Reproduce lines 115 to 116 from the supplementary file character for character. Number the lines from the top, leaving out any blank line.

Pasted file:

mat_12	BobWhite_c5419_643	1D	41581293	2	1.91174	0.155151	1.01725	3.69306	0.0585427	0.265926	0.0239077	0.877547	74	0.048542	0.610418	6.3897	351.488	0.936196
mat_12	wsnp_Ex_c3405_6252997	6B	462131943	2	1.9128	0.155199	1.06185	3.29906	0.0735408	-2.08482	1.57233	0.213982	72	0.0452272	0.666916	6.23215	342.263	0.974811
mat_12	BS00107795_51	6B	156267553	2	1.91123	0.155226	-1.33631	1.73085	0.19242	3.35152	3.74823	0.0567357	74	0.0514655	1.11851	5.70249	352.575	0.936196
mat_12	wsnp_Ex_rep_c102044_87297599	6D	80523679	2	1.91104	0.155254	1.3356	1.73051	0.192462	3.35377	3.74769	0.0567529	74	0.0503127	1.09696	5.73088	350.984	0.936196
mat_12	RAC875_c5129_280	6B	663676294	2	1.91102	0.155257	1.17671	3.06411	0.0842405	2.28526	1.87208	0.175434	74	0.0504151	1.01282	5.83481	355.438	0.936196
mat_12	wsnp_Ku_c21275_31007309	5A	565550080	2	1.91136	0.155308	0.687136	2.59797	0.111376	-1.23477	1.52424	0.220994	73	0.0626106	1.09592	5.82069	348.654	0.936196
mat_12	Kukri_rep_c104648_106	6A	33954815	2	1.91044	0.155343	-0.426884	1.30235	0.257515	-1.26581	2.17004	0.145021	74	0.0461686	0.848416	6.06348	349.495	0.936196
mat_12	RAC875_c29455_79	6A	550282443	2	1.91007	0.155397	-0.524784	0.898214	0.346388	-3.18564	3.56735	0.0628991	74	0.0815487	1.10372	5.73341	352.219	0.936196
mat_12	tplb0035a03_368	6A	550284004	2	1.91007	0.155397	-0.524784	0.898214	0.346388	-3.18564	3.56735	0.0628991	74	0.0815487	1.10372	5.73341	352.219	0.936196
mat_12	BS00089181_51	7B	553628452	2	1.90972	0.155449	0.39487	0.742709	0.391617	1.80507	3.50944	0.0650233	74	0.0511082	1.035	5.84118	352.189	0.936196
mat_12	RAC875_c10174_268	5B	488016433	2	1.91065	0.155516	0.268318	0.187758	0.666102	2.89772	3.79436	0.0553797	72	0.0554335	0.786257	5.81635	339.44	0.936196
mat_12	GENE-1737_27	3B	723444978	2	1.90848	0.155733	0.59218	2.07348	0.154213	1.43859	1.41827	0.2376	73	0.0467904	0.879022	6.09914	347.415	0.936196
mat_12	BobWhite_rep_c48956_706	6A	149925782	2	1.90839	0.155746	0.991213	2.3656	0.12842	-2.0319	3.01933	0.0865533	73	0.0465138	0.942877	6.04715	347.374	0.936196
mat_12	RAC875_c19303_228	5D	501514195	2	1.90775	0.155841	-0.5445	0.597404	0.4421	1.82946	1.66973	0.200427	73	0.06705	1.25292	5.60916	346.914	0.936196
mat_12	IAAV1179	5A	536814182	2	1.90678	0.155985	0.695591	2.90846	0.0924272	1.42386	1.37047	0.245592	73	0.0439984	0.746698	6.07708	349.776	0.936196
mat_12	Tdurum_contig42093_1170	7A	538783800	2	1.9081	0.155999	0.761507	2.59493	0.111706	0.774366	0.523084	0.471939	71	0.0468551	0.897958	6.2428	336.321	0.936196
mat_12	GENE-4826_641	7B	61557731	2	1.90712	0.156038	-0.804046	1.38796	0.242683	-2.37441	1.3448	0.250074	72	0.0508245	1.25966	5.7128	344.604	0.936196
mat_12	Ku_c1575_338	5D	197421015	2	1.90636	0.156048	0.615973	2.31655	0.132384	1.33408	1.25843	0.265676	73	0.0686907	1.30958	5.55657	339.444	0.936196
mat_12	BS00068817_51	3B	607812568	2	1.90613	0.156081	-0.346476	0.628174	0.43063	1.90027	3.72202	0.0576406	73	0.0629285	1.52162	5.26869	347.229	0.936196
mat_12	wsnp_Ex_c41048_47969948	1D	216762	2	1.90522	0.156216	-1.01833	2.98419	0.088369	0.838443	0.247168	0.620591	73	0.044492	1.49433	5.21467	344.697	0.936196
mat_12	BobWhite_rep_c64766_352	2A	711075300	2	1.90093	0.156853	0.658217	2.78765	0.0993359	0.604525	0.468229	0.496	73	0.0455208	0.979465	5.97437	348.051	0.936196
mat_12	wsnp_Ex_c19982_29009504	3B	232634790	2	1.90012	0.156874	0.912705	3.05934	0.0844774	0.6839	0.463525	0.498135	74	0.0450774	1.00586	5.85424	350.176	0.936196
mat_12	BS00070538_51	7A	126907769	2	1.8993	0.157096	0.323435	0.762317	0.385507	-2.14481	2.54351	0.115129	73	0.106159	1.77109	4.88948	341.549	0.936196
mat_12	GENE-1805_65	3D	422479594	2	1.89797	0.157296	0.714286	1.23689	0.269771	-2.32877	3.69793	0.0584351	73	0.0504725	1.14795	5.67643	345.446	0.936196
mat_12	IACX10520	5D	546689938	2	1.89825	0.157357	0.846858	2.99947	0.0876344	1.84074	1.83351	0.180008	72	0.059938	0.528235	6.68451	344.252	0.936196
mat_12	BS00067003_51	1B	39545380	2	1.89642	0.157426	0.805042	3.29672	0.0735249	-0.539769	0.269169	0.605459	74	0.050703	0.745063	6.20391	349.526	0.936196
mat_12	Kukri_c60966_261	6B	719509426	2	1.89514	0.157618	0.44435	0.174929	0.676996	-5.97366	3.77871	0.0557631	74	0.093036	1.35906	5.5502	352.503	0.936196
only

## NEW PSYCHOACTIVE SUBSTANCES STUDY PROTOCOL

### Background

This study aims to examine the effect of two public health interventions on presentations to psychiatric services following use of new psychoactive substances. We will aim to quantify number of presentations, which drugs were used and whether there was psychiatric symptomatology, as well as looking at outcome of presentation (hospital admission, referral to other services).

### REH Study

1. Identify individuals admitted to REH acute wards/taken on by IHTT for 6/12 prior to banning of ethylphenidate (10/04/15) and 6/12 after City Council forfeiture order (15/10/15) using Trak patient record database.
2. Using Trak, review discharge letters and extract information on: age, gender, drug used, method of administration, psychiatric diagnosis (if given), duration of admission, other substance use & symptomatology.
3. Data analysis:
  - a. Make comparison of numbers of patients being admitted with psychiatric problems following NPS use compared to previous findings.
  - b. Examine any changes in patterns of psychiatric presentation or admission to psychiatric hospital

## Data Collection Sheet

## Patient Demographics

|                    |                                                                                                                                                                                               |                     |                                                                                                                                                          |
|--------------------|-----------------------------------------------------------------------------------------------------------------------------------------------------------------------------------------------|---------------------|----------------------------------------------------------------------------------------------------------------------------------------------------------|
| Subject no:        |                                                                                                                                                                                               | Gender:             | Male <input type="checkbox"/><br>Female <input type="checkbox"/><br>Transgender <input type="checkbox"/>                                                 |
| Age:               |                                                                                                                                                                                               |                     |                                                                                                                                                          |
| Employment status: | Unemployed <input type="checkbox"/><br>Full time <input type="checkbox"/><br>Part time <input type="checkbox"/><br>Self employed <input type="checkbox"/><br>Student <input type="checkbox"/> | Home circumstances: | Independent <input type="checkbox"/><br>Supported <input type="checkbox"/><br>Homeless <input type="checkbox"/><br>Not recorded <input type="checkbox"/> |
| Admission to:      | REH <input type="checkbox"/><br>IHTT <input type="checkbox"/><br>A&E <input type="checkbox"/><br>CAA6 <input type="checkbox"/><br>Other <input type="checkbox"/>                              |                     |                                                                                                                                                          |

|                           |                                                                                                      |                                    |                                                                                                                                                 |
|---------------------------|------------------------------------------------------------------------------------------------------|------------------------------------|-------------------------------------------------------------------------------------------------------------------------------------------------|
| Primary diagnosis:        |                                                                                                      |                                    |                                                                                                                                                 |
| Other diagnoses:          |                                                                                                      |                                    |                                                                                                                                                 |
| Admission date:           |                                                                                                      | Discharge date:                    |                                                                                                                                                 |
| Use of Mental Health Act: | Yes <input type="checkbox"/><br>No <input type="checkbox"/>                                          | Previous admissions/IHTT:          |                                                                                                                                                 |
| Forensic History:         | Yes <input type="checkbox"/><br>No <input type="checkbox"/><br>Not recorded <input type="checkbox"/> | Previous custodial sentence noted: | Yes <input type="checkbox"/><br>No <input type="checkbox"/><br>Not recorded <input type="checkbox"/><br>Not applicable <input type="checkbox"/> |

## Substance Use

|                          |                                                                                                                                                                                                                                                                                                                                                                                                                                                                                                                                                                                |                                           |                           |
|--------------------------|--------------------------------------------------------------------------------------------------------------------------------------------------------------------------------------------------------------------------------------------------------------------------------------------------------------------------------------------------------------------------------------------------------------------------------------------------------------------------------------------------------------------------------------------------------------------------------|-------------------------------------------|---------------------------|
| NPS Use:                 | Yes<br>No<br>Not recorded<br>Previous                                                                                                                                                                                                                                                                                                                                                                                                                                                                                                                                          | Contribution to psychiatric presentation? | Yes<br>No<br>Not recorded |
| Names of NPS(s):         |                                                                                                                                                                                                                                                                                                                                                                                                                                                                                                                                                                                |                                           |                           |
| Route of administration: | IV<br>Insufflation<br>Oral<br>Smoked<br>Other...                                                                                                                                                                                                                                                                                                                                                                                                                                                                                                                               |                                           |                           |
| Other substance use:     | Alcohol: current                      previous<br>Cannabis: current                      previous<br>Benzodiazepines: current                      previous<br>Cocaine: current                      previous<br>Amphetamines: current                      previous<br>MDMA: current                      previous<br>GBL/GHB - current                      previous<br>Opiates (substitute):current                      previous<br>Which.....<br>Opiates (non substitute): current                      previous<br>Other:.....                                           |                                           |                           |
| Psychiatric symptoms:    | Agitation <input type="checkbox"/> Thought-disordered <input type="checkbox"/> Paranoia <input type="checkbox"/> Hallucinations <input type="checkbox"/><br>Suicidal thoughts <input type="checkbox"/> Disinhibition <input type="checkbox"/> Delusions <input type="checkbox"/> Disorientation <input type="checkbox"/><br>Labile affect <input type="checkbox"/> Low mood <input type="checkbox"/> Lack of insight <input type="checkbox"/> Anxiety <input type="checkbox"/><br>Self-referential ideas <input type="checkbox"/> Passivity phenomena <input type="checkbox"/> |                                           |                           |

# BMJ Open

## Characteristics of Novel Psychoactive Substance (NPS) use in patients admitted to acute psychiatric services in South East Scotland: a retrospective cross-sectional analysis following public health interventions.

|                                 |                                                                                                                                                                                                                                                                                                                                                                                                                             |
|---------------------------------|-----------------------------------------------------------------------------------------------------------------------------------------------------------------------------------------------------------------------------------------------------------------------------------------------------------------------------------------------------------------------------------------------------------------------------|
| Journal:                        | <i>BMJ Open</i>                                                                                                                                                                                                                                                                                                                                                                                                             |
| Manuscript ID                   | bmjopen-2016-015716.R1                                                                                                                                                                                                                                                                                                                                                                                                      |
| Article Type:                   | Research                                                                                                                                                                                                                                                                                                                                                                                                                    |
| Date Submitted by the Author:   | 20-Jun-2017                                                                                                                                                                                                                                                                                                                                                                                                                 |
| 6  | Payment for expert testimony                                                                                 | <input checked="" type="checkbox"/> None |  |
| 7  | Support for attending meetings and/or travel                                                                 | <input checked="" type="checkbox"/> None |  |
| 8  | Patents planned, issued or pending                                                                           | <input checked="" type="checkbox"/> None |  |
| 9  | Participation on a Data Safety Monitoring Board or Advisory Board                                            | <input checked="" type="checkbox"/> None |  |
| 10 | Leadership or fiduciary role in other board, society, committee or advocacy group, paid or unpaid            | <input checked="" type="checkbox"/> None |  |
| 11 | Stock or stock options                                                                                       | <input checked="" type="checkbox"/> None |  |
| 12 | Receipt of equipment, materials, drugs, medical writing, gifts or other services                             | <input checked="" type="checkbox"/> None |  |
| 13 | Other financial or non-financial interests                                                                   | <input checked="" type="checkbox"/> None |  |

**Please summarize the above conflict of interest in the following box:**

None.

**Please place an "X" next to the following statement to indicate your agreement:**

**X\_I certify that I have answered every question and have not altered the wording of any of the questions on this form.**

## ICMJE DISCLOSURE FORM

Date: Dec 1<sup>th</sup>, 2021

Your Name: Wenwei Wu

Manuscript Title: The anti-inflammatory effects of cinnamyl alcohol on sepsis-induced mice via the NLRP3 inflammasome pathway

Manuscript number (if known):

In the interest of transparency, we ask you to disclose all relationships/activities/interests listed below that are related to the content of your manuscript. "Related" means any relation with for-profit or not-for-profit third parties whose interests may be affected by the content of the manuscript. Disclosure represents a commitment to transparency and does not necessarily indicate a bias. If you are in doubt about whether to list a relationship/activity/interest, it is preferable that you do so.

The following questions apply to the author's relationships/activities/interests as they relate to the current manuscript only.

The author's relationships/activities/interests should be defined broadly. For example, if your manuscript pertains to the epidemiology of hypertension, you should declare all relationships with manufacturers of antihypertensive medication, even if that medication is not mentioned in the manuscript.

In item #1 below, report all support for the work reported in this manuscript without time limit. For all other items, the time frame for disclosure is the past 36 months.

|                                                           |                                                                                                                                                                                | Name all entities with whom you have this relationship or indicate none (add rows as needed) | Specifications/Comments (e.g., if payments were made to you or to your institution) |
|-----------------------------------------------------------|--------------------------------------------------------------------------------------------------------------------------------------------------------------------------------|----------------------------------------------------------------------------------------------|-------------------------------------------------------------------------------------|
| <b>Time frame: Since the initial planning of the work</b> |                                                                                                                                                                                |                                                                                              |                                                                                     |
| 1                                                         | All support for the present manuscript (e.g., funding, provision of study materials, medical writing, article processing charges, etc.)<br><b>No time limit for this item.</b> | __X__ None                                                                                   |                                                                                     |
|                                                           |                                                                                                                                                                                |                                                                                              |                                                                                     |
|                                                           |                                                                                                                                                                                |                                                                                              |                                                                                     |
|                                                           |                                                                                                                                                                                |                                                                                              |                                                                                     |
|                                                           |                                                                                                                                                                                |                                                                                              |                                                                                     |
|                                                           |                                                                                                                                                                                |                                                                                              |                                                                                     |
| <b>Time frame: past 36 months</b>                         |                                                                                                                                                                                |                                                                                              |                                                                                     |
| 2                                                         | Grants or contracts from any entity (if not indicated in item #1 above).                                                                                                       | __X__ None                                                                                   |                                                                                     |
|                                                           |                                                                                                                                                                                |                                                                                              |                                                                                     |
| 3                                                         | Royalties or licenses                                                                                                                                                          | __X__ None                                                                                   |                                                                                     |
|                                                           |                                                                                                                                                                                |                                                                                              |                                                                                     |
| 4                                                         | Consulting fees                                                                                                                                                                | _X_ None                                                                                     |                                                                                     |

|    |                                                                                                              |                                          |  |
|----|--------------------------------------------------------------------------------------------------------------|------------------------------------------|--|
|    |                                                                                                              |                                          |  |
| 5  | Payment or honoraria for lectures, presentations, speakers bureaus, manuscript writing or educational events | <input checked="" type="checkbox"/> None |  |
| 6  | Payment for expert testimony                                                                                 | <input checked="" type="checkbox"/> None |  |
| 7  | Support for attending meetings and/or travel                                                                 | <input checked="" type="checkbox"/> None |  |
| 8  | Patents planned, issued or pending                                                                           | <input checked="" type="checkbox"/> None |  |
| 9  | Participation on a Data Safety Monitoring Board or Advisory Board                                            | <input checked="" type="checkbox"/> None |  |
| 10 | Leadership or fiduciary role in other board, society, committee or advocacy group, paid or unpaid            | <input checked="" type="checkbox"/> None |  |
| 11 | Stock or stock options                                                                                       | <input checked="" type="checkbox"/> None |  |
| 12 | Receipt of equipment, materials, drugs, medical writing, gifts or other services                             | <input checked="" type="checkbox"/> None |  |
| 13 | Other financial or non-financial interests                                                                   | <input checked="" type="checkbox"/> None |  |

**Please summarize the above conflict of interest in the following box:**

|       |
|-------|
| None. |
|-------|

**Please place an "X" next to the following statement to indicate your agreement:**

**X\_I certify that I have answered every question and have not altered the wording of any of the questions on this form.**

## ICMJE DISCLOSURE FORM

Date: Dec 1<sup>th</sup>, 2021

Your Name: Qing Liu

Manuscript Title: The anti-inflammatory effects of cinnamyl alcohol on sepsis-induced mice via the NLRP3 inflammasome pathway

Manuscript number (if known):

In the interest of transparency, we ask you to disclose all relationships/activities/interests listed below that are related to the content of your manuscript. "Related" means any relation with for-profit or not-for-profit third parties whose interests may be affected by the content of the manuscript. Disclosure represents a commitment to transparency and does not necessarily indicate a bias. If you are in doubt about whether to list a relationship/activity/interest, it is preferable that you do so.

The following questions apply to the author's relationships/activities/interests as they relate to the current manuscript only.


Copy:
| 12 | Receipt of equipment, materials, drugs, medical writing, gifts or other services                             | <input checked="" type="checkbox"/> None |  |
| 13 | Other financial or non-financial interests                                                                   | <input checked="" type="checkbox"/> None |  |